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Podcast creator surprised at response

Podcast creator surprised at response

  • Updated
Freddie Wilson

Freddie Wilson

Former Mooresville resident Freddie Wilson said he’s surprised at the response he’s gotten to his new podcast, which he created earlier this year to call attention to the Matthew Stewart case, one of the town’s only unsolved killings.

Matthew Stewart, a registered nurse at Lake Norman Regional Medical Center, was fatally shot by an intruder in the bedroom of his Gabriel Estates home on June 9, 2009. His wife, Angela, also was wounded in the incident, which has been categorized as a home invasion. Angela managed to escape the house alive with their young son in tow, and the couple’s older daughter was unharmed because she had been staying the night at a nearby friend’s home. Their third child was later found still asleep in the house.

Wilson, who attended the now defunct Mooresville Christian Academy with Stewart’s daughter, Hannah, as well as River Life Fellowship Church with the family, remembers how deeply both organizations were affected by Stewart’s loss. It’s why, after nine years, he decided to compile “Unforgotten: The Unsolved Murder of Matthew Stewart,” a podcast which is so far slated to include five 30-minute episodes compiled from several hours worth of interviews.

The first episode was released June 9, followed by the second podcast on July 7. Throughout both episodes, Wilson has spoken with Stewart’s friends and family, getting their perspective about the events on the night he was killed, as well as talked to outside experts who offered their opinions of the case.

“It was unexpected and humbling,” he said. “The response has really given me confidence that we can make some movement on this case.”

The podcast has been streamed more than 7,700 times, and Wilson said he’s now had many people reach out to him to offer their own firsthand experiences and information.

“I’m in the process of confirming some of the information I’ve received, and I hope what I’ve put together will re-energize this case,” he said. “I have three more episodes planned for this year, and there’s a lot more information to disseminate.”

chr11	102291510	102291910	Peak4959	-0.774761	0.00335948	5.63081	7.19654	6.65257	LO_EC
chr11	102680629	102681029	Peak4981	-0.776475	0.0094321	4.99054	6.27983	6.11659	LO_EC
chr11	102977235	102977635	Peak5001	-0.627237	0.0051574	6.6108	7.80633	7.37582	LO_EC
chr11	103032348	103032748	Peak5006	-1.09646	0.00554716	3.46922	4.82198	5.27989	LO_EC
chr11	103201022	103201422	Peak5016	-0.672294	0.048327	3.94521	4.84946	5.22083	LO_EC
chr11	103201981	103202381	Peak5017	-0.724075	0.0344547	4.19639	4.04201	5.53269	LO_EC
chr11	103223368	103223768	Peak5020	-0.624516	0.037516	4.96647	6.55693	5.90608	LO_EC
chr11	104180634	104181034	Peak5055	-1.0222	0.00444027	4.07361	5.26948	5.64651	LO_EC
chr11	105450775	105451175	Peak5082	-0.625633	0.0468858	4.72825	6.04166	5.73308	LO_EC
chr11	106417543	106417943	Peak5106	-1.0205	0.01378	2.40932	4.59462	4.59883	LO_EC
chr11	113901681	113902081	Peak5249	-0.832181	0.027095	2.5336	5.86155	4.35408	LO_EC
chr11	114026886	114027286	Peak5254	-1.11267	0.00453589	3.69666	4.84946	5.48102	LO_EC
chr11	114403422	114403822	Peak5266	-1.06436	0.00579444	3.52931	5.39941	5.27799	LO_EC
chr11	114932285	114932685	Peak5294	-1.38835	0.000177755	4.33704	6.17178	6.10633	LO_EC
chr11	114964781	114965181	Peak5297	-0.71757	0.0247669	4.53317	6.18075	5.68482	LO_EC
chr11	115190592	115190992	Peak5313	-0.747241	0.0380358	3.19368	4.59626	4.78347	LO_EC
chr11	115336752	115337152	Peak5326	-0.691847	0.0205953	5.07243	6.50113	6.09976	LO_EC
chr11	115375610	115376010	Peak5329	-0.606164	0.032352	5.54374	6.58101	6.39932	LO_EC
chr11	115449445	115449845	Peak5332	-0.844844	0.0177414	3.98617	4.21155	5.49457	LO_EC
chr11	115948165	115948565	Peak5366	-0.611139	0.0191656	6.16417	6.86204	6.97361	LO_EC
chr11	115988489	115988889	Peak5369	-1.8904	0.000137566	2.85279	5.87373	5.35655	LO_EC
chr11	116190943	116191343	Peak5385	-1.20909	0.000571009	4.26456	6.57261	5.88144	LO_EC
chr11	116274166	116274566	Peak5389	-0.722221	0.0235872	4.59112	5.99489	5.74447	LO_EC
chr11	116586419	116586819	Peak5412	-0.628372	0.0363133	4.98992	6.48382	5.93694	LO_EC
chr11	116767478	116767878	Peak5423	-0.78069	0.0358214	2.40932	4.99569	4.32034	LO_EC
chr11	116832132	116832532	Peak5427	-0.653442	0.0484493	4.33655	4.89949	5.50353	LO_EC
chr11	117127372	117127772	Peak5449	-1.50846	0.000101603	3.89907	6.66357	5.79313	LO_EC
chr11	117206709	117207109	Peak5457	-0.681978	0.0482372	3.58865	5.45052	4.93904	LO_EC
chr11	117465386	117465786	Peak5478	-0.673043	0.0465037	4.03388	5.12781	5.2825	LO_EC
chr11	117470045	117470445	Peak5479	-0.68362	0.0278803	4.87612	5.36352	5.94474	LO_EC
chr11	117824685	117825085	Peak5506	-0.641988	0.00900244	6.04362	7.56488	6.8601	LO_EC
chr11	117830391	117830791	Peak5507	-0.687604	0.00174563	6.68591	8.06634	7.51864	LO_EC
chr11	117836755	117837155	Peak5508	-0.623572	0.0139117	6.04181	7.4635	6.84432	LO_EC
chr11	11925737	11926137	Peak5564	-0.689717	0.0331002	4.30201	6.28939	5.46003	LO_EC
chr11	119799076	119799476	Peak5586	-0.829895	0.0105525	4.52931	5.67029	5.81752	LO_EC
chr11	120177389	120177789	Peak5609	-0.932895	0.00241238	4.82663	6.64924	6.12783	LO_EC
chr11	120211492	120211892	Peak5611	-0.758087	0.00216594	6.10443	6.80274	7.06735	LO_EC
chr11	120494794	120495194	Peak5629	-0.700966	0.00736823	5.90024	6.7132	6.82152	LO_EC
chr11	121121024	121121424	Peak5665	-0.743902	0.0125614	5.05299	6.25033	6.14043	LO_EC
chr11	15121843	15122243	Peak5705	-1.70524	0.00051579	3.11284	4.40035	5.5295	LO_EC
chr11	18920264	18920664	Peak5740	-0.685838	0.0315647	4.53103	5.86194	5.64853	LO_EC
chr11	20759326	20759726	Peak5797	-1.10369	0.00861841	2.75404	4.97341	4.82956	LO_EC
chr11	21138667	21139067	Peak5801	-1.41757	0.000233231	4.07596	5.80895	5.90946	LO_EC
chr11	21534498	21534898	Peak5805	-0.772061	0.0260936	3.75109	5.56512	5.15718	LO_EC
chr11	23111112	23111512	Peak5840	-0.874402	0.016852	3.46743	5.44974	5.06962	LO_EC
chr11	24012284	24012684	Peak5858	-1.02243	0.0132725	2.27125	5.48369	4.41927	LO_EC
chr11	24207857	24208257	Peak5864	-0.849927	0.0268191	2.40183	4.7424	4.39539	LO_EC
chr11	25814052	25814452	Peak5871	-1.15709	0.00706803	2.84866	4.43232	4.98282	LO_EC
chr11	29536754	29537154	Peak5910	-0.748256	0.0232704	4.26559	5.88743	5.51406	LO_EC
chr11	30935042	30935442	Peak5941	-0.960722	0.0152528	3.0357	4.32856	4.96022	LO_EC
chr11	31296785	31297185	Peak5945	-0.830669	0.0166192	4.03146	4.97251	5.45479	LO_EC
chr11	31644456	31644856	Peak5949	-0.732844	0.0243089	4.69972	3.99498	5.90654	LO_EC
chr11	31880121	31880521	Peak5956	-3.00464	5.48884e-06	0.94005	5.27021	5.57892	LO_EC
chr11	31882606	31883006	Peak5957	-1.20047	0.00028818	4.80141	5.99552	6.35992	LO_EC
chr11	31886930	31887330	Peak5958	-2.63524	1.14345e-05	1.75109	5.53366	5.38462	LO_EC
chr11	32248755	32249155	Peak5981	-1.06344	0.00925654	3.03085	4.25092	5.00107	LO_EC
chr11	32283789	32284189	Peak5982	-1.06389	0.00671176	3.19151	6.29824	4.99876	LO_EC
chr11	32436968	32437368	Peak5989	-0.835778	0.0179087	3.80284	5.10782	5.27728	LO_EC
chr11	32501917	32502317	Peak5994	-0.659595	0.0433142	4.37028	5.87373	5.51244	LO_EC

Wilson said he may do another five episodes next year, leading up to the 10th anniversary of Stewart’s death. In the most recent episode, Wilson spoke with two of Stewart’s closest friends, as well as his Stewart’s sister, about the suggestions that the murder was treated, at first, as a hostage situation.

Wilson also asked the three if they held out hope that this would be solved, to which all three gave the impression that it wouldn’t.

“I got the sense that in the beginning, when it first happened, that they were optimistic, but there have been so many disappointments along the way that over the years, they’ve had to distance themselves from that tangible hope,” Wilson explained. “They pray for justice, but they don’t want to keep traumatizing themselves.”

However, their responses “invigorated” Wilson, and “shored up my resolve to push for the truth,” he said.

For his upcoming third episode, which will be released Aug. 4, Wilson consulted with forensic psychiatrist and expert witness Dr. Carol Lieberman, and forensic pathologist and author Dr. Judy Melinek.

“We discuss the need for some forward movement in this case, whether that’s to officially declare it a cold case and release it to other investigators, or to give more information to the public to hopefully trigger something,” he said. “We can’t let this case sit around any longer, because there’s too many people who need an answer.”

The episode also features his first anonymous source, whose voice is altered, and who offers “interesting insight,” Wilson said.

All episodes of “Unforgotten: The Unsolved Murder of Matthew Stewart,” can be found at

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